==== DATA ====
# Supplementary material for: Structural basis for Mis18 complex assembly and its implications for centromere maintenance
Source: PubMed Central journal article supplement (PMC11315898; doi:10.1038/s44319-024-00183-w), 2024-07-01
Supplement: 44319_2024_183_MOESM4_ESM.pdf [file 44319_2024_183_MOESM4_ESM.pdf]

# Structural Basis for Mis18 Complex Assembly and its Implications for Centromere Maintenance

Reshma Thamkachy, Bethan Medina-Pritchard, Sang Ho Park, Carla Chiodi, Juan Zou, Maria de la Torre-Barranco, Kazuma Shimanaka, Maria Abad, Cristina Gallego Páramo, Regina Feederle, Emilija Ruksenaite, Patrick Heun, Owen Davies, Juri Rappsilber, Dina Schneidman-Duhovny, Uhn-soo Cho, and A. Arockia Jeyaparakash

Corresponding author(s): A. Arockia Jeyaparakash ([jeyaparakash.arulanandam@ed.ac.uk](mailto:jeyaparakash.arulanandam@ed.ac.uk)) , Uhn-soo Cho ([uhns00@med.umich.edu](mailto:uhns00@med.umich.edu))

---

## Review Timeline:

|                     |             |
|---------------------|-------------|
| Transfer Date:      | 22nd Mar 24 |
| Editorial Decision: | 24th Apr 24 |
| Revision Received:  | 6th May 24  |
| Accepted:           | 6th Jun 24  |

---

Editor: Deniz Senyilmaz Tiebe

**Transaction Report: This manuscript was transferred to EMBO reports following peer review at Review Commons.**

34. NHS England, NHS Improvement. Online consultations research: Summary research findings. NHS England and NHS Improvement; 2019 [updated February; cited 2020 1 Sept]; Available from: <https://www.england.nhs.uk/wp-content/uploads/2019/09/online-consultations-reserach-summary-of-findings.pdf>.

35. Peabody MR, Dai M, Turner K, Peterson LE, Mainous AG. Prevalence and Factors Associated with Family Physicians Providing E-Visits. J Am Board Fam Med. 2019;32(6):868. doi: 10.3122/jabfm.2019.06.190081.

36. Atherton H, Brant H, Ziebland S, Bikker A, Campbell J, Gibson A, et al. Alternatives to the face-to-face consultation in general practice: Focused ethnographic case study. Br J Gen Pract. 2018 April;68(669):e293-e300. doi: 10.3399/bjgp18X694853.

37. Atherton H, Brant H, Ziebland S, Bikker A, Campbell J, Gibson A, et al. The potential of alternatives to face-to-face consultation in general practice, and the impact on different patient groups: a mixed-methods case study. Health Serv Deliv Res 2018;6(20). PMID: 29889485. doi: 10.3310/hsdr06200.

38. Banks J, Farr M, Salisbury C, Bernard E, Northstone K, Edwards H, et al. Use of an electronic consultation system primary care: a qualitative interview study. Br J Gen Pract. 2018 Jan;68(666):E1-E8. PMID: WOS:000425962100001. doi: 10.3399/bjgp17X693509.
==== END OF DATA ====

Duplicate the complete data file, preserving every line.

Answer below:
# Supplementary material for: Structural basis for Mis18 complex assembly and its implications for centromere maintenance
Source: PubMed Central journal article supplement (PMC11315898; doi:10.1038/s44319-024-00183-w), 2024-07-01
Supplement: 44319_2024_183_MOESM4_ESM.pdf [file 44319_2024_183_MOESM4_ESM.pdf]

# Structural Basis for Mis18 Complex Assembly and its Implications for Centromere Maintenance

Reshma Thamkachy, Bethan Medina-Pritchard, Sang Ho Park, Carla Chiodi, Juan Zou, Maria de la Torre-Barranco, Kazuma Shimanaka, Maria Abad, Cristina Gallego Páramo, Regina Feederle, Emilija Ruksenaite, Patrick Heun, Owen Davies, Juri Rappsilber, Dina Schneidman-Duhovny, Uhn-soo Cho, and A. Arockia Jeyaparakash

Corresponding author(s): A. Arockia Jeyaparakash ([jeyaparakash.arulanandam@ed.ac.uk](mailto:jeyaparakash.arulanandam@ed.ac.uk)) , Uhn-soo Cho ([uhns00@med.umich.edu](mailto:uhns00@med.umich.edu))

---

## Review Timeline:

|                     |             |
|---------------------|-------------|
| Transfer Date:      | 22nd Mar 24 |
| Editorial Decision: | 24th Apr 24 |
| Revision Received:  | 6th May 24  |
| Accepted:           | 6th Jun 24  |

---

Editor: Deniz Senyilmaz Tiebe

**Transaction Report: This manuscript was transferred to EMBO reports following peer review at Review Commons.**

34. NHS England, NHS Improvement. Online consultations research: Summary research findings. NHS England and NHS Improvement; 2019 [updated February; cited 2020 1 Sept]; Available from: <https://www.england.nhs.uk/wp-content/uploads/2019/09/online-consultations-reserach-summary-of-findings.pdf>.

35. Peabody MR, Dai M, Turner K, Peterson LE, Mainous AG. Prevalence and Factors Associated with Family Physicians Providing E-Visits. J Am Board Fam Med. 2019;32(6):868. doi: 10.3122/jabfm.2019.06.190081.

36. Atherton H, Brant H, Ziebland S, Bikker A, Campbell J, Gibson A, et al. Alternatives to the face-to-face consultation in general practice: Focused ethnographic case study. Br J Gen Pract. 2018 April;68(669):e293-e300. doi: 10.3399/bjgp18X694853.

37. Atherton H, Brant H, Ziebland S, Bikker A, Campbell J, Gibson A, et al. The potential of alternatives to face-to-face consultation in general practice, and the impact on different patient groups: a mixed-methods case study. Health Serv Deliv Res 2018;6(20). PMID: 29889485. doi: 10.3310/hsdr06200.

38. Banks J, Farr M, Salisbury C, Bernard E, Northstone K, Edwards H, et al. Use of an electronic consultation system primary care: a qualitative interview study. Br J Gen Pract. 2018 Jan;68(666):E1-E8. PMID: WOS:000425962100001. doi: 10.3399/bjgp17X693509.